technology," said Victor Parente, chief network architect at AOL.
"When I started looking at IP-over-SONET technology,
what we were looking for was a replacement for the current DS3 [45-megabit-per-second]
technology and ATM that we were using to aggregate intersite data-center traffic,"
"There are a lot of problems with [the ATM approach]
in terms of the lack of maturity of the software, and also in the overlap or inconsistency
between routed IP architectures and switch architectures," he said.
The company took out the ATM complexes and replaced them
with "clear-channel" connections between the data centers, using IP over SONET.
"All of that complexity was replaced by a simple pair
of routers running back-to-back," Parente said, adding that from there, it becomes a
relatively simple step to use IP as the LAN technology within each data center.
"We differ significantly from other ISPs in that we
run very large data-center networks, as well as transit networks," he said.
AOL is wrestling with issues that other providers of
mass-market services -- such as high-speed cable and ADSL (asymmetrical digital subscriber
line) providers -- must deal with as they ramp up to millions of customers.
"How do I bring many gigabits of Internet capacity
into a data center?" Parente asked. "How do I design a new network that's
going to allow AOL to peer with multiple ISPs [Internet-service providers]?"
AOL must handle in excess of 10 gigabits per second, per
data center, and it must sustain high-port densities connecting up to 64 routers, Parente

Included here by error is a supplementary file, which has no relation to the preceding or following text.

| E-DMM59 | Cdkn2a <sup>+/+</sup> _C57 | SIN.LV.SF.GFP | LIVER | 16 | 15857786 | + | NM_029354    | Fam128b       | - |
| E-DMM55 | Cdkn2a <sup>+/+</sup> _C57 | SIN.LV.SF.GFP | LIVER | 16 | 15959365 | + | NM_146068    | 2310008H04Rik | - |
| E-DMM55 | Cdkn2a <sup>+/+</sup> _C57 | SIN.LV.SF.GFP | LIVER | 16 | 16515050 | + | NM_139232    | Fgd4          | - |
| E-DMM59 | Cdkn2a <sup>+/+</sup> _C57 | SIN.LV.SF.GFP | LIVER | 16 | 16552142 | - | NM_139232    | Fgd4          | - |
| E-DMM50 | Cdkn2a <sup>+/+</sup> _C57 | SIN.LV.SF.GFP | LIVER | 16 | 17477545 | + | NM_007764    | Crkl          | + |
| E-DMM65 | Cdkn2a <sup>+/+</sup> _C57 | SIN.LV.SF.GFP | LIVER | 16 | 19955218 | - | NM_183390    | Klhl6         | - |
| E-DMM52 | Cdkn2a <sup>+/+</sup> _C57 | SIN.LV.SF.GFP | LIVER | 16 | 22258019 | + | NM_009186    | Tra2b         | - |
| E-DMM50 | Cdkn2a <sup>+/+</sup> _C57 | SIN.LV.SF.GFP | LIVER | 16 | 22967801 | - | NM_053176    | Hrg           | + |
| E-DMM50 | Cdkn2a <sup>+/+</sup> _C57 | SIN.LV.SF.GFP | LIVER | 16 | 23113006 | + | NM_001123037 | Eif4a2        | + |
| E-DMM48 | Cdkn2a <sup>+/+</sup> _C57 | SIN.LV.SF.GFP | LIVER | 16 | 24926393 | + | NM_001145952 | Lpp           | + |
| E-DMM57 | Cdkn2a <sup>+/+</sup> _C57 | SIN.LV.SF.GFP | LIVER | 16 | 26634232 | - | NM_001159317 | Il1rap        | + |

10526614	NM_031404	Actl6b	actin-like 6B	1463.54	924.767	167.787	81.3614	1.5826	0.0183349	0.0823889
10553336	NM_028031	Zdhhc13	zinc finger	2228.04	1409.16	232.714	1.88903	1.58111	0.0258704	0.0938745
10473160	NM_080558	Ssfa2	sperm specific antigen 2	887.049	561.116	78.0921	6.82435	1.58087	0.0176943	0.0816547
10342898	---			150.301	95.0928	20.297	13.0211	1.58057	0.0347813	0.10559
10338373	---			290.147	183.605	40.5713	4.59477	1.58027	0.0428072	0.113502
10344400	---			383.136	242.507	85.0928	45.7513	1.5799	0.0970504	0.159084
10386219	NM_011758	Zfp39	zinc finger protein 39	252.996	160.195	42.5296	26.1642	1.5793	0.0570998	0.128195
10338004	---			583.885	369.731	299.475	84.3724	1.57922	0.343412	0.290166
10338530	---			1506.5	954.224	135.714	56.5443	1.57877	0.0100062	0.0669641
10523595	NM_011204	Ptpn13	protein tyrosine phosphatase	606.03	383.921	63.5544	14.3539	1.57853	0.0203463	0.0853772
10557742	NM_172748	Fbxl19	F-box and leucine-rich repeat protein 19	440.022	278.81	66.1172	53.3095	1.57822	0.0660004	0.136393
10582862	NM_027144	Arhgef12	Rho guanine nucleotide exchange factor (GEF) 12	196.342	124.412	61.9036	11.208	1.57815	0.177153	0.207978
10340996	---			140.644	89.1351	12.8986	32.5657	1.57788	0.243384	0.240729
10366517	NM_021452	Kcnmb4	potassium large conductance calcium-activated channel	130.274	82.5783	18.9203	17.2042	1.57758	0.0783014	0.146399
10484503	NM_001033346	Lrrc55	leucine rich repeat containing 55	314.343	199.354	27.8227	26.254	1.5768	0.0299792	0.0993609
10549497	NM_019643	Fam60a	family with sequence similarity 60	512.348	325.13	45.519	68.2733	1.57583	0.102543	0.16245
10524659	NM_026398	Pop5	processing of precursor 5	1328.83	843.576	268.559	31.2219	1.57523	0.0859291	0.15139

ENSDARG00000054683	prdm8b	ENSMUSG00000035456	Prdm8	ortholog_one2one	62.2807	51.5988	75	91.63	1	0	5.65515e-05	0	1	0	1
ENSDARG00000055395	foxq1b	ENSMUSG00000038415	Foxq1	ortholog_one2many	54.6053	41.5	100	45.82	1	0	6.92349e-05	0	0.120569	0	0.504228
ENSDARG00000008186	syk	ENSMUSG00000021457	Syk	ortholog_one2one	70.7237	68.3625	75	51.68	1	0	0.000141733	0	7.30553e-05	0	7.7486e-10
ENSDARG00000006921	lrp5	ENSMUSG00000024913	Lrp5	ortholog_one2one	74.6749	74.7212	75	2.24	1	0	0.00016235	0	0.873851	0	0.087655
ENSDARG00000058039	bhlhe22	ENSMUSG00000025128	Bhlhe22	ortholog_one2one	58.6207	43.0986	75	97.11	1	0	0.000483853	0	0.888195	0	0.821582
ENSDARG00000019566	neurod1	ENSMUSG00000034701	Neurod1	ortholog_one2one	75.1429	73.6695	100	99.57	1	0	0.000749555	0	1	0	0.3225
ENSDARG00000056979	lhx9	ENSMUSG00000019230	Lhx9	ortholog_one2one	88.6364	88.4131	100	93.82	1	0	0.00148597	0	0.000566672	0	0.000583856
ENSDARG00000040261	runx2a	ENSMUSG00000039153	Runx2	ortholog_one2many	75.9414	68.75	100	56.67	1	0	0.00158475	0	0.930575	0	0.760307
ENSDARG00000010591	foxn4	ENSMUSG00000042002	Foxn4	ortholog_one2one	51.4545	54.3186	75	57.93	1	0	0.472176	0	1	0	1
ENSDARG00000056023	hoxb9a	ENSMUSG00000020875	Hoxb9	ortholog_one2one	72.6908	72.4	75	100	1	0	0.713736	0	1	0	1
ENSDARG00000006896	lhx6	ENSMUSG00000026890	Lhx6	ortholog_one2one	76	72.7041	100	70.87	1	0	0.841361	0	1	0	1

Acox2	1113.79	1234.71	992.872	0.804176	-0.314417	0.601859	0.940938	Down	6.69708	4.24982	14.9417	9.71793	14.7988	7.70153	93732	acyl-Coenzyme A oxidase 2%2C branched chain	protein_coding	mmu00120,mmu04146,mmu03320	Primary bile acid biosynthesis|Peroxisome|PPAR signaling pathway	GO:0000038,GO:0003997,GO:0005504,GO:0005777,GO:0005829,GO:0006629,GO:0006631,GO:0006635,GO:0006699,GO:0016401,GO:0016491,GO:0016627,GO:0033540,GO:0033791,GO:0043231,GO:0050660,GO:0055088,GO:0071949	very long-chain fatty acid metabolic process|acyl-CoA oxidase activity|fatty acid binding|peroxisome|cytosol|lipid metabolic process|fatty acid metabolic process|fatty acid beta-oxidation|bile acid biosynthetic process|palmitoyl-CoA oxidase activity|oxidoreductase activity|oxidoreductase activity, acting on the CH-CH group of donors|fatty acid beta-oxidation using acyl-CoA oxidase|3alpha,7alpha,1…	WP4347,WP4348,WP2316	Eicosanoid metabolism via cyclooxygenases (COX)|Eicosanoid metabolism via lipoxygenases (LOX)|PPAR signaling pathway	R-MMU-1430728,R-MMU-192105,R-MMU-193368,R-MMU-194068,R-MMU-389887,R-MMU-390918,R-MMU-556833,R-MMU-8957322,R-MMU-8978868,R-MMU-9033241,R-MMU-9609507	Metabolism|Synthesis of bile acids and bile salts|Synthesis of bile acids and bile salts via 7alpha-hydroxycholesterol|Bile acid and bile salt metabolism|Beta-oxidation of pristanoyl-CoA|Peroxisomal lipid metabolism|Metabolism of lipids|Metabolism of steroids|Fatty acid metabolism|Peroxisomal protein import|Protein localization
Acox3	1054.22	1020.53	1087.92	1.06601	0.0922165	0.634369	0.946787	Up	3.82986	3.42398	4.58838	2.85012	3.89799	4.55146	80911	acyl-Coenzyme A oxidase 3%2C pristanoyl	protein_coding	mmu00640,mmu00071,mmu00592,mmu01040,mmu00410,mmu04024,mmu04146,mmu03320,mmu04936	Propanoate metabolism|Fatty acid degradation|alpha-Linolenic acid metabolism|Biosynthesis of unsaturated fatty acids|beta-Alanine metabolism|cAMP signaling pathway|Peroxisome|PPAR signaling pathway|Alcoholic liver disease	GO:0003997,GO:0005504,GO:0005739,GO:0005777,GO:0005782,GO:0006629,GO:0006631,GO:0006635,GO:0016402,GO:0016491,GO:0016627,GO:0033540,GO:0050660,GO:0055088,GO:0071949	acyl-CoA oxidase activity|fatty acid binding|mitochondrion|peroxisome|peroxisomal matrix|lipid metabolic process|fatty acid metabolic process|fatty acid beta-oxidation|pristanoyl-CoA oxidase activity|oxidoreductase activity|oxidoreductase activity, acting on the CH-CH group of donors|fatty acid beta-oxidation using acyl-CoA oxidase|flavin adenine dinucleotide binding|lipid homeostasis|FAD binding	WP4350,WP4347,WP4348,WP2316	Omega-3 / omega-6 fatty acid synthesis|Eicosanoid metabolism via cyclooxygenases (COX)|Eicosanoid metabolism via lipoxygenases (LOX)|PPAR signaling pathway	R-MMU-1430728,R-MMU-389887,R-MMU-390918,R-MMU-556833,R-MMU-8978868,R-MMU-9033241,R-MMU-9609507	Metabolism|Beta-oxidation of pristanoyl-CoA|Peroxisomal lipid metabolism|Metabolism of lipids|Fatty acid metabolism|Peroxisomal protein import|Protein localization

"We needed redundancy and reliability, and what I call
LAN/WAN [wide-area network] transparency, which, I think, is one of the really critical
values of IP over SONET," he said.
"This means that when I'm moving bits from one
computer room or data center to another, I want to be able to take that data transfer on a
continuous path, across the road or across the country, without changing data rates and
protocols," Parente said. "I can use the same capacity without having to deal
with bottlenecks at some point in my network."
Circuit management is made easier, as well, Parente said,
noting that the ATM-mesh array, to fit the size of AOL today, would require
troubleshooting 1,200 circuits, as opposed to the eight circuits that he has to watch
using IP over SONET.
Parente said he also looked at gigabit Ethernet, but he
decided that it "doesn't scale very well." A gigabit may sound like a lot,
he added, "but my job is to plan further into the future, and IP over SONET scales a
Adding force to the layer-three agenda is a new initiative
within the Internet Engineering Task Force that's focusing on a header byte that was
originally designated for differentiation of service, but that was never standardized. The
effort, which only got under way earlier this year, is moving quickly toward establishing
a standardized approach to setting quality-of-service parameters within the header itself.
This effort dovetails nicely with the efforts of the DOCSIS
(Data Over Cable Service/Interoperability Specification) group at Cable Television
Laboratories Inc. to define extensions to the standard cable modems that will support such
services as IP telephony and real-time video, said Gerry White, chief technical officer of
the broadband division at Bay Networks Inc.
"The extensions will allow the CMTS
[cable-modem-termination system in the headend] to look at IP level three and to determine
how that is to be implemented in the layer-two MAC [media-access control] of the
cable-data-distribution system," he said.